Valentine’s day is a day for showering our other half with love and affection, but for those of a less romantic disposition, it might also be an apt time to consider the question of estate planning.
“Who do you love more?” can be a great starting question to ask yourself to ensure your estate ends up in the right hands. I am certain HMRC will not be top of your list.
Whether the planned March budget happens has been thrown into doubt by the resignation of Sajid Javid and appointment of Rishi Sunak, however, an overhaul of inheritance tax (IHT) rules has been in the collective mind of the Treasury for some time.
Major changes to IHT were proposed by the government’s Office of Tax Simplification (OTS) in July 2019 and may reappear if next month’s budget goes ahead.
Inheritance tax is certainly complicated – especially for a tax that generates relatively little revenue. The OTS spent some 18 months looking at it and has produced two linked reports. The second and more important one, dealing with the structure of the tax, was published in July 2019, just as the man who commissioned it, Chancellor Phillip Hammond, left office.
The latest OTS report contained a wide range of proposals that could have a big effect on your estate planning.
• You should only have to live for five years – not seven, as now – before a lifetime gift ceases to be subject to IHT. At the same time, the little-understood taper relief should also be abolished. This can reduce the amount of tax payable on lifetime gifts made more than three years before death, but it applies to relatively few estates.
• The rules for IHT business property relief (BPR) should be aligned with those for capital gains tax (CGT), which would result in fewer businesses qualifying for the relief. Alongside this change, the CGT rules at death should be reformed.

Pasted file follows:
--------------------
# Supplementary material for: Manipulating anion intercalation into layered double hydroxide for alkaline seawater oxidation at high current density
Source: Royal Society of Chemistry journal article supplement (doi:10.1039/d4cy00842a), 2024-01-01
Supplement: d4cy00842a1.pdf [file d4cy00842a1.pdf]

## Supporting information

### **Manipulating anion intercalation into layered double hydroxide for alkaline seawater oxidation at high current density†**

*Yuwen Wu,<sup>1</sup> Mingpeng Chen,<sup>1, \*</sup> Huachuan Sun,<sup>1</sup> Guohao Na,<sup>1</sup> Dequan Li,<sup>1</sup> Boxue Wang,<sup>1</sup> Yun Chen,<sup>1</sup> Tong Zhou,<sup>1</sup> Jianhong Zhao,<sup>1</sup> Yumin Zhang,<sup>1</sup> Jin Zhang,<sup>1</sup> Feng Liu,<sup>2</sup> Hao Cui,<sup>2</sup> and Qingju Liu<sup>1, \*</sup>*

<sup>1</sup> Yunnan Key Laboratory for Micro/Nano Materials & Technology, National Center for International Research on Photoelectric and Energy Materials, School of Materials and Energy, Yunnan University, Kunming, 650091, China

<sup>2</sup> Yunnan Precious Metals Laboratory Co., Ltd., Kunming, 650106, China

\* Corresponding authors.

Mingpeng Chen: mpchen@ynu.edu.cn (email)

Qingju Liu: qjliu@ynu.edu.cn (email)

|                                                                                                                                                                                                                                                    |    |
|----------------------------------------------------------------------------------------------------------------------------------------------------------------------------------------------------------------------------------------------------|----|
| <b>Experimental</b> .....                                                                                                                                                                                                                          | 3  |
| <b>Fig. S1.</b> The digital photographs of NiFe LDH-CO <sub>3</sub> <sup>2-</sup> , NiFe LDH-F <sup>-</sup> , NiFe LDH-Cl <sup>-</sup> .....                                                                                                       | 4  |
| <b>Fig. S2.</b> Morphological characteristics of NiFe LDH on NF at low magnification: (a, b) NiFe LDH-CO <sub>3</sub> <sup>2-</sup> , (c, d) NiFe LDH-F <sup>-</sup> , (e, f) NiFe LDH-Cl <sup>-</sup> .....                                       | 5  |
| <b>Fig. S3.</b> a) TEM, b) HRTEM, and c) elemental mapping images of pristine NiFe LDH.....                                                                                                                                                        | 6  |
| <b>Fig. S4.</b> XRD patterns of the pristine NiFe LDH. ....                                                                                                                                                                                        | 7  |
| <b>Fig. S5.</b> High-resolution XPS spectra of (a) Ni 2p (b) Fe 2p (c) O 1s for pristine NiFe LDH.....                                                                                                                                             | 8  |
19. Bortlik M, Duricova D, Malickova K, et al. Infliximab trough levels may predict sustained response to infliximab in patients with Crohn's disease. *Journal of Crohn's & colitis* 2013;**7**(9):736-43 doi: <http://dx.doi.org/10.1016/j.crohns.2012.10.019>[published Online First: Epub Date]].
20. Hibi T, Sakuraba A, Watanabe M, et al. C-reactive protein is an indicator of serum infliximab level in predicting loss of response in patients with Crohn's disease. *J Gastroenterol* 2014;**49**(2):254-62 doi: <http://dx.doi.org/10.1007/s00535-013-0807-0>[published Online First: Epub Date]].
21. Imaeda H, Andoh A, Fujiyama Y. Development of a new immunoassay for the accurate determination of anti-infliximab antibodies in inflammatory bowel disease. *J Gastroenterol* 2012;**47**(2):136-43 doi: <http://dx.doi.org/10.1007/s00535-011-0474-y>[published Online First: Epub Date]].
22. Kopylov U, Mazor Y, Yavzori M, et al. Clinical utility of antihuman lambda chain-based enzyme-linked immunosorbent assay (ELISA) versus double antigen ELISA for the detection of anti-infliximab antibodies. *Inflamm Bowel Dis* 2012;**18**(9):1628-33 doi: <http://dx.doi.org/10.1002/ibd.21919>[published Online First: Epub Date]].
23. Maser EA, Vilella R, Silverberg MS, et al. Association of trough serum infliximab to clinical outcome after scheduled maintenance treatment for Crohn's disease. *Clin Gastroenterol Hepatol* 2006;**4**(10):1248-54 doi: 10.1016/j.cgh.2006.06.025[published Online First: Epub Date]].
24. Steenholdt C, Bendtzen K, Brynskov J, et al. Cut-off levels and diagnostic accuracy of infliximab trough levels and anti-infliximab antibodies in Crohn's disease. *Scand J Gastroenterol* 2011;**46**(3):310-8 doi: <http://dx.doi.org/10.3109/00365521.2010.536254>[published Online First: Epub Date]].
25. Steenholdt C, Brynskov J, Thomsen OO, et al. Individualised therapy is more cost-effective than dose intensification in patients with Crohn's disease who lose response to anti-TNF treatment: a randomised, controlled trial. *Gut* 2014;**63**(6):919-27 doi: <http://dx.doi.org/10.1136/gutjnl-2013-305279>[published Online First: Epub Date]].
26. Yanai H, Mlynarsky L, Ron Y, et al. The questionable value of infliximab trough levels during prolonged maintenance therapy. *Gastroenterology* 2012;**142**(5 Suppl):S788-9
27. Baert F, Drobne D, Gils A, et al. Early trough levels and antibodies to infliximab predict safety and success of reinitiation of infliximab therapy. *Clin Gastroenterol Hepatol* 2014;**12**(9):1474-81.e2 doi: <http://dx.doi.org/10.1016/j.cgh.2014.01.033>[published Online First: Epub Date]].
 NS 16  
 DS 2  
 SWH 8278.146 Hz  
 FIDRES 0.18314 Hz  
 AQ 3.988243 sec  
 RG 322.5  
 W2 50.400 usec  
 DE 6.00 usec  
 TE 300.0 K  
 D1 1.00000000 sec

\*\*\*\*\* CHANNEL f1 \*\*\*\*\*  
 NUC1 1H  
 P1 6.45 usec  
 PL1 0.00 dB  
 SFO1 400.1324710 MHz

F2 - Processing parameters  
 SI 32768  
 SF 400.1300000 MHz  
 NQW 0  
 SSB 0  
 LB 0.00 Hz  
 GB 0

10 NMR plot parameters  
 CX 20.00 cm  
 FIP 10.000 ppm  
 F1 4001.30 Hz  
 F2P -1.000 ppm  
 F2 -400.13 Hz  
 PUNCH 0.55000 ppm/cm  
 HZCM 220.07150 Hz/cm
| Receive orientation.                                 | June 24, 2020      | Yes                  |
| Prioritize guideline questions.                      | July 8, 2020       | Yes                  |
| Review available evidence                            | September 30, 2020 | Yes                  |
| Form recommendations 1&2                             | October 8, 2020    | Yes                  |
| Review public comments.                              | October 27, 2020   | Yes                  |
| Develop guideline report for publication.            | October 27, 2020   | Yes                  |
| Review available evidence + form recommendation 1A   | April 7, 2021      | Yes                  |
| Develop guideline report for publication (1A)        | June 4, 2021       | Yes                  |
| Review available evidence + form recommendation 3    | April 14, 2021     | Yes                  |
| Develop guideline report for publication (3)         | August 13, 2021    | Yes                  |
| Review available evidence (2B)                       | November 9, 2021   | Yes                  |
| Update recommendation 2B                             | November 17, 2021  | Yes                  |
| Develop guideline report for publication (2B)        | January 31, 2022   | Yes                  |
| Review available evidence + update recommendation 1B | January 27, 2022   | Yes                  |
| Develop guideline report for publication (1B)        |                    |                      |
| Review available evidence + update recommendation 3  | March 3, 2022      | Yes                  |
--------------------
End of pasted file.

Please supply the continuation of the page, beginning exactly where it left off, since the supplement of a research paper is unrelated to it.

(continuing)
• The current £3,000 annual exemption and the marriage/civil partnership exemption (up to £5,000 for parents) should be replaced with a new single ‘personal gifts allowance’. The OTS made no specific recommendation but it pointed out that the annual exemption would now be worth just under £12,000 if it had been inflation-proofed since its last increase.
• The level of the small gifts’ exemption (originally set at £250 in 1980) should be reconsidered. Again, the OTS made no specific recommendation but it did say that inflation-linking would have increased the amount to just over £1,000.
• The rules for normal expenditure gifts should be reformed or should be replaced by a higher personal gifts allowance. This exemption is potentially valuable, but according to the OTS is regarded as confusing, difficult to claim and often not included in planning.
• Pay-outs under term assurance policies should be free of IHT. Currently, it is necessary to write such contracts under trust to keep them out of the policyholder’s estate on death.
Philip Hammond responded to the report by saying that “The government will consider the recommendations…and will respond in due course”.
The new Chancellor may not have much time to prepare for 11th March and some suggest it may be a job too far for him at this early stage in his political career, but it could be that inheritance tax changes, which have been long needed, may be a headline grabber and much simpler challenge than the much touted changes to pension tax relief for higher earners. However, with Cummings apparently pulling the strings, don’t rule out a more radical stance from the Treasury.
Like most reforms, the OTS proposals would create winners and losers. To understand which category you would fall into, and any pre-emptive actions that can be taken with your financial planning, please talk to us.
In the meantime, you may wish to look at our Estate Planning guide and consider whether you love HMRC more than your beneficiaries.
The value of tax reliefs depends on your individual circumstances. Tax laws can change. The Financial Conduct Authority does not regulate tax advice.
The Financial Conduct Authority does not regulate will writing, trusts and some forms of estate planning.